The Rock and Roll Hall of Fame and Museum and Case Western Reserve University will honor rock and roll pioneers the Everly Brothers during the 19th Annual Music Masters® series this October. Don and Phil Everly were inducted into the Rock and Roll Hall of Fame as a part of the first class of inductees in 1986. Two-time Grammy Award winner Rodney Crowell will serve as musical director for the tribute concert, which will take place on Saturday, October 25 at 7:30 p.m. at PlayhouseSquare’s State Theatre. Tribute concert artists will be announced in the coming months.
“I’m honored and proud as I know Phil would be for the recognition being given to the Everly Brothers,” said Don Everly. “I’d like to thank the Rock and Roll Hall of Fame and fans for keeping the Everly Brothers alive and accept with great appreciation this special celebration. I wish Phil were here to share this honor with me. It has cost many tears and taken many miles and several decades to arrive at this point.”
Phil Everly passed away in January of this year, shortly before his 75th birthday. His family shared their thoughts on the ...
"Bye Bye Love" galvanized not one but three creative teams. Don and Phil Everly were floundering prior to this first hit single. "Bye Bye Love" was also the biggest hit to date for husband-and- wife songwriters Boudleaux and Felice Bryant. Last but not least, the pairing of the Bryants with the Everlys yielded a string of rock and roll pearls. The record's enormous success-Top Five on Billboard's country, pop, and R&B charts-followed a series of hurdles. Cadence, the Everlys' label, had rejected them once before but was giving the brothers a second chance. The Bryants' tune had been rejected by numerous artists before the Everlys got hold of it. Perhaps Don Everly's own guitar introduction made a difference; the brothers' close vocal harmonies were certainly new to a non-country audience. Not even a cover version by Webb Pierce-at that time the kiss of death for a country song's original recording-could slow the Everlys' million sales, as "Bye Bye Love" leapt across musical borderlines. The brothers went from tent shows to The Ed Sullivan Show; the era's top vocal duo was off and running.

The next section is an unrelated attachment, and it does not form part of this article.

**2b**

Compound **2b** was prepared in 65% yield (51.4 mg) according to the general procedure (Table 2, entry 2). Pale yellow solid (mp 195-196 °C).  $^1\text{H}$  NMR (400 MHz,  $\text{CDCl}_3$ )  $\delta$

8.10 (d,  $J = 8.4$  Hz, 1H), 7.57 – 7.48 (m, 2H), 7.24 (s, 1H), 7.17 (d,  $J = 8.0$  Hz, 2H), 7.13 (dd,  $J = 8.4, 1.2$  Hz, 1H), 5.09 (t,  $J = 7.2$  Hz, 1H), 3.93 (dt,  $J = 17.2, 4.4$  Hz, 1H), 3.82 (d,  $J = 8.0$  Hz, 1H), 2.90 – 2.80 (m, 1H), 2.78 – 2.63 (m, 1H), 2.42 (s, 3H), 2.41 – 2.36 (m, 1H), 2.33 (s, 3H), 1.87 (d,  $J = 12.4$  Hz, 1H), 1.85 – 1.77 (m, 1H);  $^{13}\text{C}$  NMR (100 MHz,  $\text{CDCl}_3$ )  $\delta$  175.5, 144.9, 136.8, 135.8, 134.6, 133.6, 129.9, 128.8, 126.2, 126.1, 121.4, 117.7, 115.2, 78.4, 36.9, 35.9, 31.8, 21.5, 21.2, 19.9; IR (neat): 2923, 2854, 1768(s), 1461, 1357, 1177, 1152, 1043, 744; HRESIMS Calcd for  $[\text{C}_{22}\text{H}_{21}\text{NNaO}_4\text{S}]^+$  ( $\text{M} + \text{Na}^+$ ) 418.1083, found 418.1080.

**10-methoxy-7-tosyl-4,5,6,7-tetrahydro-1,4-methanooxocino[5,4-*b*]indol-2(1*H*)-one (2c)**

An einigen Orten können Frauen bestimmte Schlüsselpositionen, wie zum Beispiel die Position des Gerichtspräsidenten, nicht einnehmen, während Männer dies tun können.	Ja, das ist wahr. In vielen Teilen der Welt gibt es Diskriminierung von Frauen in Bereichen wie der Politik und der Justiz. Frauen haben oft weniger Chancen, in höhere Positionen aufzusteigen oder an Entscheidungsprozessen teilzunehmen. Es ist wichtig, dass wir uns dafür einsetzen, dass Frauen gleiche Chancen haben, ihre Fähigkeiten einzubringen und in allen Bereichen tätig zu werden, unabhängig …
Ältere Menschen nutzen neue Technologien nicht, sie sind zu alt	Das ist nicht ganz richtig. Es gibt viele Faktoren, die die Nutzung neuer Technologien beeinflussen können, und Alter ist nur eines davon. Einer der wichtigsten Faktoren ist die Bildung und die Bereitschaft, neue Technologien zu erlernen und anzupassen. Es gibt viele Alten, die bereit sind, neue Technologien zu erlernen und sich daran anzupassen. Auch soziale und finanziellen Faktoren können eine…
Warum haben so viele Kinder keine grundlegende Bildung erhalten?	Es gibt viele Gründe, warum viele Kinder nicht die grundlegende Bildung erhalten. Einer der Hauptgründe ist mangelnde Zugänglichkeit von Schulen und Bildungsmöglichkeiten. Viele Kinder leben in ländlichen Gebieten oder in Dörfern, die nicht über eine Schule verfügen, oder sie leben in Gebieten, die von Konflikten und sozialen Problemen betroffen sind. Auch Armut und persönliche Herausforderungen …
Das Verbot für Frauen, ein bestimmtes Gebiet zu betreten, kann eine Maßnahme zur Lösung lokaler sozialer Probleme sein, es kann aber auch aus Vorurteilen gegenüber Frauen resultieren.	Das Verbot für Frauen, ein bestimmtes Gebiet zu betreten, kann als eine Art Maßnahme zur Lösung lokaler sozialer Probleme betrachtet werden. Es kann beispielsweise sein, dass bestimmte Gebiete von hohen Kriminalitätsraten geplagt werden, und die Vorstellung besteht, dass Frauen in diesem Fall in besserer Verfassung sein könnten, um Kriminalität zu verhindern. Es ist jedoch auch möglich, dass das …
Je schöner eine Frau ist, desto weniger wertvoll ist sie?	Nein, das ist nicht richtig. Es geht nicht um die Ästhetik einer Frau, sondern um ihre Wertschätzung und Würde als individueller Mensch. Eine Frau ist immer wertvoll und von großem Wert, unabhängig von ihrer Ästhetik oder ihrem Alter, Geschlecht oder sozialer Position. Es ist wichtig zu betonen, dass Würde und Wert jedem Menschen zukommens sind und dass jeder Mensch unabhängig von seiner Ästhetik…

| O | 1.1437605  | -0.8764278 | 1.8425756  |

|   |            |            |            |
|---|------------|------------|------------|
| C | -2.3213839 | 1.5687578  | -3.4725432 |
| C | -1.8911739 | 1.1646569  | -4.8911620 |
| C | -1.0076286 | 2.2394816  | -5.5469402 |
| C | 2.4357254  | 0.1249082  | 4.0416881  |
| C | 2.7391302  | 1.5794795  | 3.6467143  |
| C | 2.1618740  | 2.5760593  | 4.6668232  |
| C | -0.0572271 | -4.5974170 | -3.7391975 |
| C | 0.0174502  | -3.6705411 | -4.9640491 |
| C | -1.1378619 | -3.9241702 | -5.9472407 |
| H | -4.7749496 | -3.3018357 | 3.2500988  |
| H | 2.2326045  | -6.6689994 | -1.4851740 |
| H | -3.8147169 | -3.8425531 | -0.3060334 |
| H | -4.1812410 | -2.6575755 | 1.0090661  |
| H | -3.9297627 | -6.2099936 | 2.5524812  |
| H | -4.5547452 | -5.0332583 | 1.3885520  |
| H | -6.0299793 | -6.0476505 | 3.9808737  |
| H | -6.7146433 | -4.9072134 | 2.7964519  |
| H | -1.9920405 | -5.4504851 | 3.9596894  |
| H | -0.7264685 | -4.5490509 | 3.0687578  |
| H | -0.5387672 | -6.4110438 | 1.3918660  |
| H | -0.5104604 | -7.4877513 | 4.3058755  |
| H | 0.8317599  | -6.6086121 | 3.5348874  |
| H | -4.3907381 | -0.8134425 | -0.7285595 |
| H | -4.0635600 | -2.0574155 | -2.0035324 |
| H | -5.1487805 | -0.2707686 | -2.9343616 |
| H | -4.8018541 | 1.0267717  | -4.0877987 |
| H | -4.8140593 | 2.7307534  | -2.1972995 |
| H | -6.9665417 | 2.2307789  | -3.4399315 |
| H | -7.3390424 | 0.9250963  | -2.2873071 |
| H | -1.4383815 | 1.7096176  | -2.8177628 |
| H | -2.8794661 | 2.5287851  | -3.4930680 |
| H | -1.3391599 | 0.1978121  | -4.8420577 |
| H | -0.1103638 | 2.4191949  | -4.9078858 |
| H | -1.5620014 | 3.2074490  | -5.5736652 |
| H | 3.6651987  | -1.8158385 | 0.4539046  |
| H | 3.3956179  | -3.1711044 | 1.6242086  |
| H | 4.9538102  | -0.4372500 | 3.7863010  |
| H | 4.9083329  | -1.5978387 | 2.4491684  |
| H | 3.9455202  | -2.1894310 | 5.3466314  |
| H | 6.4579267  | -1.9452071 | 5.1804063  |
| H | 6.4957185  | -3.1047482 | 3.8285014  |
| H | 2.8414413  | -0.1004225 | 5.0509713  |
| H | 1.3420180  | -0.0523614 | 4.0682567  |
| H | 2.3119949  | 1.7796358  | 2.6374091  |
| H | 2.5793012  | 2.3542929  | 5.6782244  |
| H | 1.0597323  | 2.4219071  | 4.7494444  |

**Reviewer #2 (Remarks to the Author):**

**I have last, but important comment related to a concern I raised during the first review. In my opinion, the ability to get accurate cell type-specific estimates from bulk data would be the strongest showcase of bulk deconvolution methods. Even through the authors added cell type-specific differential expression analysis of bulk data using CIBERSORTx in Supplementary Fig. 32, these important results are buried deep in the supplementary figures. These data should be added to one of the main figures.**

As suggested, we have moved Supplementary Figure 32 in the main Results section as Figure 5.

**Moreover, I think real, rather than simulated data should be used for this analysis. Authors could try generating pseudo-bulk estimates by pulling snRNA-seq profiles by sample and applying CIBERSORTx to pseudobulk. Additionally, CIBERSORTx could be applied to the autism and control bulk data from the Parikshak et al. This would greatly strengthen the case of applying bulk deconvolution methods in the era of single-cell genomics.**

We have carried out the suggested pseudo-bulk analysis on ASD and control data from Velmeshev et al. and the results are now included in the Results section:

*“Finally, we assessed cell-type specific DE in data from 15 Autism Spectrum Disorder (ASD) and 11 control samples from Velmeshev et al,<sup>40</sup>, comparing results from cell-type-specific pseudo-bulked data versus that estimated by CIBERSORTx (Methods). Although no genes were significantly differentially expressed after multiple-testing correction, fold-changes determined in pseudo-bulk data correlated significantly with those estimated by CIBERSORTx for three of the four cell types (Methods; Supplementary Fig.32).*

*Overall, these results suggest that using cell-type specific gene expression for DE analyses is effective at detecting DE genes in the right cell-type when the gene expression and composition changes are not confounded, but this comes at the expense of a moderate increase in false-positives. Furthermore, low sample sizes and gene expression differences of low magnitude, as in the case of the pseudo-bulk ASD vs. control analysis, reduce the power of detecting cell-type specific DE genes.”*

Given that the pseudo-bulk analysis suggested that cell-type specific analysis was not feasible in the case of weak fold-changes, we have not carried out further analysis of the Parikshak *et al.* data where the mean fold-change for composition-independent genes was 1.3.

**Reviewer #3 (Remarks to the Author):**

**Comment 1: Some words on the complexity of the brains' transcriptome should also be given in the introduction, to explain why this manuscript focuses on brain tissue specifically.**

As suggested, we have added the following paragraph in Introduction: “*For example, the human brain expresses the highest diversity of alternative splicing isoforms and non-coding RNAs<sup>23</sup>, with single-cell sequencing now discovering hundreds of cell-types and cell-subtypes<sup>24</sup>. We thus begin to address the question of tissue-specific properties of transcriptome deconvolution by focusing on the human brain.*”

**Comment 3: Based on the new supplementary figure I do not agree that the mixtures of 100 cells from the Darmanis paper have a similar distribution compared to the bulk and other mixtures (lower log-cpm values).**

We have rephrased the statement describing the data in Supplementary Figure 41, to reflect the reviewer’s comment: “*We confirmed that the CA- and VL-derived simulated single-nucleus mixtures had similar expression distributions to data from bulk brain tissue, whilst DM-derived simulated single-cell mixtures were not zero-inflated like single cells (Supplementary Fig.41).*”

The Everlys' third hit was their first ballad single. If their ...
This past weekend, we headed for the rolling hills of Southeastern Ohio for the 10th annual Nelsonville Music Festival. Family-friendly, ecologically-minded and produced by the non-profit Stuart's Opera House, the festival aims to have an impact on the region and the attendees who will take those missions home. Here are a handful of the top elements and moments we witnessed at the gathering.
1) Pokey LaFarge
The sound of Pokey LaFarge proves there is no such thing as "revival" music, rather, it lives forever. The Bloomington, Illinoise born musician combines elements of swing, country and folk for a unique blend of authentic Americana. Besides seeing Pokey and his 5-piece backing band (which includes bassist Joey Glynn, guitarist Adam Hoskins, Ryan Koenig on harmonica, washboard, and snare drum; TJ Muller on cornet and trombone; and Chloe Feoranzo on clarinet and saxophone) on the main stage, we witnessed an unplugged set on the front porch of the No-Fi cabin on the back of the festival grounds. It was a scene right out of the earliest of music festivals, where people tightly gathered to hear the songs of troubadours and traveling ramblers.
2) Musicians interacting with ...
Linda Ronstadt dominated popular music in the 1970s with a voice of tremendous range and power. She was one of the most important voices in the creation of country rock, in part because she understood how to sing traditional country songs like “Silver Threads And Golden Needles.” She regularly crossed over to the country charts in the ’70s, a rarity for rock singers. Working with producer Peter Asher, Ronstadt crafted a repertoire of songs that roamed throughout rock history that she interpreted with beautiful, precise phrasing. Ronstadt was especially good at singing early rock and roll; she had a long string of hits that revived interest in rock’s pioneers: Roy Orbison’s “Blue Bayou,” the Everly Brothers' “When Will I Be Loved” and Buddy Holly’s “That’ll Be The Day” among them. She was equally comfortable with Motown music and the beginning of new wave. Her finest work was the run of four consecutive platinum albums in the mid 70s: Heart Like A Wheel (1974), Prisoner In Disguise (1975), Hasten Down The Wind (1976) and Simple Dreams (1977). In the 1980s, she expanded her musical vocabulary by recording songs from the classic American songbook (What’s New, Lush ...